Caucus ensures Goff's position strengthened

Phil Goff
Phil Goff
Phil Goff's assertion that he has emerged from the Darren Hughes crisis with his grip on the Labour leadership having been strengthened has an element of truth.

That might sound surprising. But it is not for the reasons Mr Goff cited.

He will want to believe last Tuesday's meeting in Dunedin of Labour's front-bench MPs really did assuage his colleagues' worries about the botched manner in which he handled Mr Hughes once he was told by his senior whip that he was the subject of a police investigation. The feeble attempt after the meeting to display a show of unity spoke otherwise.

No, Mr Goff's position is stronger because when presented with more than enough grounds to justify rolling him, the Labour caucus refused to seriously contemplate such action.

It won't get a better opportunity. Not being rolled effectively means Mr Goff - bar any monumental blunder or truly calamitous slump in the polls - is no longer in danger of being dumped this side of the election.

It's now business as usual as far as Mr Goff is concerned. Shutting the door on this sorry episode, Labour's ruling council will today endorse vice-president Moira Coatsworth as the new president to replace Andrew Little, who is stepping down to fight the New Plymouth seat.

On Monday, Mr Goff will launch Labour's campaign against state asset sales - one of the prongs of Labour's election strategy, the others including the cost of living and jobs.

On Tuesday, the caucus will "elect" a new chief whip - in other words accept the choice of the leadership. The shadow education portfolio left vacant by Mr Hughes' exit will be split, with list member Sue Moroney winning promotion and taking on responsibility for the primary and secondary sectors, while Mt Albert's David Shearer, a close friend of Mr Goff, will take charge of the tertiary sector.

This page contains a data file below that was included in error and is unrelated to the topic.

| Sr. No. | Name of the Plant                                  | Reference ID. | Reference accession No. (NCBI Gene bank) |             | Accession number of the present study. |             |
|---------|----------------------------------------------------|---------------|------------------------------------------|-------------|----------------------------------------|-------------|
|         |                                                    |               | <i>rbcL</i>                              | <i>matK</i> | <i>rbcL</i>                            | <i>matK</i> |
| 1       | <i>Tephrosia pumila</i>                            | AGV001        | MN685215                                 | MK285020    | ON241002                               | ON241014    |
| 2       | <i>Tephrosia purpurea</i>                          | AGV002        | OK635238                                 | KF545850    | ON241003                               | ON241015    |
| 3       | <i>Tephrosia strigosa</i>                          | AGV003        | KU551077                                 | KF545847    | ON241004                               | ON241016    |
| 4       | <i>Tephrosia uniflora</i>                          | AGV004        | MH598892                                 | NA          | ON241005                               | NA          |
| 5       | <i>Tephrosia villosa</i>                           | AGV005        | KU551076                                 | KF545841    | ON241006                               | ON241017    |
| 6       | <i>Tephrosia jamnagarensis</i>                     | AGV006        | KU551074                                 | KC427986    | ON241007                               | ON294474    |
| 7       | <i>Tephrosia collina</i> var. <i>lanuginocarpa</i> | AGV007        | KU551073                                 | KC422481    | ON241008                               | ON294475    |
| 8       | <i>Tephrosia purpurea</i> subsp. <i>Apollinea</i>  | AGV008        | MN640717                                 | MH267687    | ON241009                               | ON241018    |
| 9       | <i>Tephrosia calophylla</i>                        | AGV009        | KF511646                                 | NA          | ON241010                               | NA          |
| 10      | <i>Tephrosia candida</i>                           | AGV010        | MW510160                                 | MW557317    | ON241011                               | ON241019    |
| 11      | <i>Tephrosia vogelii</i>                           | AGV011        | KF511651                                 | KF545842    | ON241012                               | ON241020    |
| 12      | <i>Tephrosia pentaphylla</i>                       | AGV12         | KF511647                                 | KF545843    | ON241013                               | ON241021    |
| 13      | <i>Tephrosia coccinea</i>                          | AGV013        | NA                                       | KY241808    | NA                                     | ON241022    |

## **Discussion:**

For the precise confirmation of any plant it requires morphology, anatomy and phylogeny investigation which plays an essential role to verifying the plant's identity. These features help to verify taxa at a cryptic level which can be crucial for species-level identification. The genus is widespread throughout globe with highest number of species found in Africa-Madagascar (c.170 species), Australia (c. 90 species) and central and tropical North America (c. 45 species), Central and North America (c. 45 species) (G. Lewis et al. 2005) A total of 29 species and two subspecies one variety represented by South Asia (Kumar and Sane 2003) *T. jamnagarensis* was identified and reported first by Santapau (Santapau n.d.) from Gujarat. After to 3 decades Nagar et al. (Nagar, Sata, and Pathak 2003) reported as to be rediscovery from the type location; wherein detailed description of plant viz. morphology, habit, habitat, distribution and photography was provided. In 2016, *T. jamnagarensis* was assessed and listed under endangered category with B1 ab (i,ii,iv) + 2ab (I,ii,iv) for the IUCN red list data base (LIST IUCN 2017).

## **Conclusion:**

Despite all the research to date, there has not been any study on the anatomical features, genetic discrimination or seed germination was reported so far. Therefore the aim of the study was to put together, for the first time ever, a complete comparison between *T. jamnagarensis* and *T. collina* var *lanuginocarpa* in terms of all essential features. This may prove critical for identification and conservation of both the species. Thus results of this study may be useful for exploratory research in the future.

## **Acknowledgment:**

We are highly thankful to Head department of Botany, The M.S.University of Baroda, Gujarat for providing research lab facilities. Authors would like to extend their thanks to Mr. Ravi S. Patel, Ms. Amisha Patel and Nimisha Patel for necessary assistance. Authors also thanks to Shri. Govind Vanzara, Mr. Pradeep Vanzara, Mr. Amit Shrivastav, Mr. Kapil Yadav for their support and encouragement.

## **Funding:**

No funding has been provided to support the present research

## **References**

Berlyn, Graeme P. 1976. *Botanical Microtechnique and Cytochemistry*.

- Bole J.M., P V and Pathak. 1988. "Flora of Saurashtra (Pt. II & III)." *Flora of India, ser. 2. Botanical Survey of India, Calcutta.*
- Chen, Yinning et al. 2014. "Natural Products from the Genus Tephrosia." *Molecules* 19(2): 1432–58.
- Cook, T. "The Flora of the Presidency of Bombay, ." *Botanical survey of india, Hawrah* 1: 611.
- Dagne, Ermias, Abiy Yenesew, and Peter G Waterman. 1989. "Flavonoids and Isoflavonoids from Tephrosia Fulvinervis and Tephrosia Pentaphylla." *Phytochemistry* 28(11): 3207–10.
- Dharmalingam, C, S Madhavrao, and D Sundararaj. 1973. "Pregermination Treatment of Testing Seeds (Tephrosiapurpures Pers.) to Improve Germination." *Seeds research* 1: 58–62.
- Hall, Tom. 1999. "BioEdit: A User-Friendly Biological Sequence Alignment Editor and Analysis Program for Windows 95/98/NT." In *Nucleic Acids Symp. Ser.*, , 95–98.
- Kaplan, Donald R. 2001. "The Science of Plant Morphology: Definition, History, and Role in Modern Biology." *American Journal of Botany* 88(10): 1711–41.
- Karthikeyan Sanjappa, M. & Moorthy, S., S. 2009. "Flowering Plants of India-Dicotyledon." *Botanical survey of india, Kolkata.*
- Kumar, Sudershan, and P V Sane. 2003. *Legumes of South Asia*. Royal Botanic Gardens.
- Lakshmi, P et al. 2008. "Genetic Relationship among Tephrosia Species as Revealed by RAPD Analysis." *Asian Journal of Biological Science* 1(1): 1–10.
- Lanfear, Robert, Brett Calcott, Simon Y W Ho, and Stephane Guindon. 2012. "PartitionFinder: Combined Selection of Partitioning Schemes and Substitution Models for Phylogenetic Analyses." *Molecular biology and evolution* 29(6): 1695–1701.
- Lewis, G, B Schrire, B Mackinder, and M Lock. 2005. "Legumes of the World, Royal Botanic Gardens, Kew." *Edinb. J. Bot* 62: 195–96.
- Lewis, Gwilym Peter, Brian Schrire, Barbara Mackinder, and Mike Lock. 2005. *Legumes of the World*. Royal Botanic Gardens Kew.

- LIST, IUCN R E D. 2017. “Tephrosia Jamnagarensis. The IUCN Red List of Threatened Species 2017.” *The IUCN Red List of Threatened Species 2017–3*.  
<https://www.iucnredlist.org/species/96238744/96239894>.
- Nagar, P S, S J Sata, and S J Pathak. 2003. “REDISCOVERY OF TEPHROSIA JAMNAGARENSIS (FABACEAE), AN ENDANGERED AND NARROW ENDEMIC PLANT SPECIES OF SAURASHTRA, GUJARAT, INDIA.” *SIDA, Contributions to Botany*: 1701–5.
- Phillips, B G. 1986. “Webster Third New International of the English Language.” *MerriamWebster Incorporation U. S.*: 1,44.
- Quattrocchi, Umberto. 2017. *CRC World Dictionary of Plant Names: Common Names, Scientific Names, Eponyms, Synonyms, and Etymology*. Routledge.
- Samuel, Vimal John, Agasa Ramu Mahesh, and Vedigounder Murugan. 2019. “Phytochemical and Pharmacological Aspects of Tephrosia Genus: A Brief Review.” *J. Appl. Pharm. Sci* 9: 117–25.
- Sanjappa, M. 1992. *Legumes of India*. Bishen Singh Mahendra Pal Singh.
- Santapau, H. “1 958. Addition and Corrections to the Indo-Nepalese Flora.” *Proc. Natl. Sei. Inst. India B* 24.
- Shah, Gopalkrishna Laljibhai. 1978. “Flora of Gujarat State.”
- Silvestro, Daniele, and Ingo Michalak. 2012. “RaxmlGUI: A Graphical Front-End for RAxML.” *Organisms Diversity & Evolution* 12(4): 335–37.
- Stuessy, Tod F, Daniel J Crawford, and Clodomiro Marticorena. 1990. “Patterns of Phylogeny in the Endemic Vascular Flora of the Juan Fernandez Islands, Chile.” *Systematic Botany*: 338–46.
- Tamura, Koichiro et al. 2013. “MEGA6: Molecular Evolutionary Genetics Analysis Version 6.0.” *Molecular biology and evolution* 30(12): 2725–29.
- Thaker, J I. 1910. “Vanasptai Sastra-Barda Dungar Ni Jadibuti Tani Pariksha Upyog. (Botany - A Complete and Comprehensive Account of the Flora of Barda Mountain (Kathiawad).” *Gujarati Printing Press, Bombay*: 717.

Next weekend, the party compiles its candidate list. This may be a less joyous occasion.

A few chill winds are blowing around the nether regions of the caucus. Labour got 33% of the party vote in 2008. A drop to 30% would see six or so list MPs packing their bags and leaving Parliament for good.

They will be even less disposed towards Mr Goff than MPs on the front bench. But they have no leverage.

The front bench does.

But its head-in-the-sand demeanour makes your average ostrich look like an advertisement for decisiveness in comparison.

Mr Goff's staying on as leader defies political logic. He has not managed to raise Labour's stocks by one iota in the two years-plus he has held the job.

Keeping him there sends the message to voters that Labour has ended the pretence and now expects to lose the election.

It is difficult to find a precedent for a party throwing in the towel so early and accepting it will spend another three years on the Opposition.

The most recent example may be the 1987 election when Labour, then the governing party, won more seats than in 1984 as normally National-leaning voters swung in behind Sir Roger Douglas' free market agenda.

National's leader Jim Bolger knew he was going to lose for that reason. But he never let the public know he thought that.

The 2011 election is starting to get the feel of 1987 about it as Mr Goff struggles to find some way of dimming John Key's star. The excuse that there is currently no viable alternative as leader does not wash. If Mr Goff were to fall under the proverbial bus tomorrow, the party would have to find a new leader.

In the absence of anything which might force the issue, the party's collective interest in fighting the election campaign with the best person at the helm has been sacrificed on the altar of individual self- interest. Would-be contenders for Mr Goff's crown do not wish to have their CV's sullied by having led the party to defeat. They will instead enjoy the luxury of fighting for the job once back in Opposition.

Knowing the leadership will be sorted after the election makes it impossible for Mr Goff to be treated seriously by the electorate beforehand.

This is nothing short of madness. However, there is no incentive right now for anyone to attempt a leadership spill.

Even if Labour's tribal factions could agree on a new leadership ticket to replace Mr Goff and deputy leader Annette King, who in their right mind would want their jobs right now?

This election year is remarkable for starting with the largely politics-free zone created by the Christchurch earthquake and ending with another such zone in the form of the Rugby World Cup.

There are barely five months between now and the first matches plus a further month for the official election campaign after the World Cup final.

The tight timetable would make it political suicide for a new and largely unknown leader to try and make his or her mark - another reason why there are no takers.

So it is Mr Goff who will carry the Labour flag through to election day.


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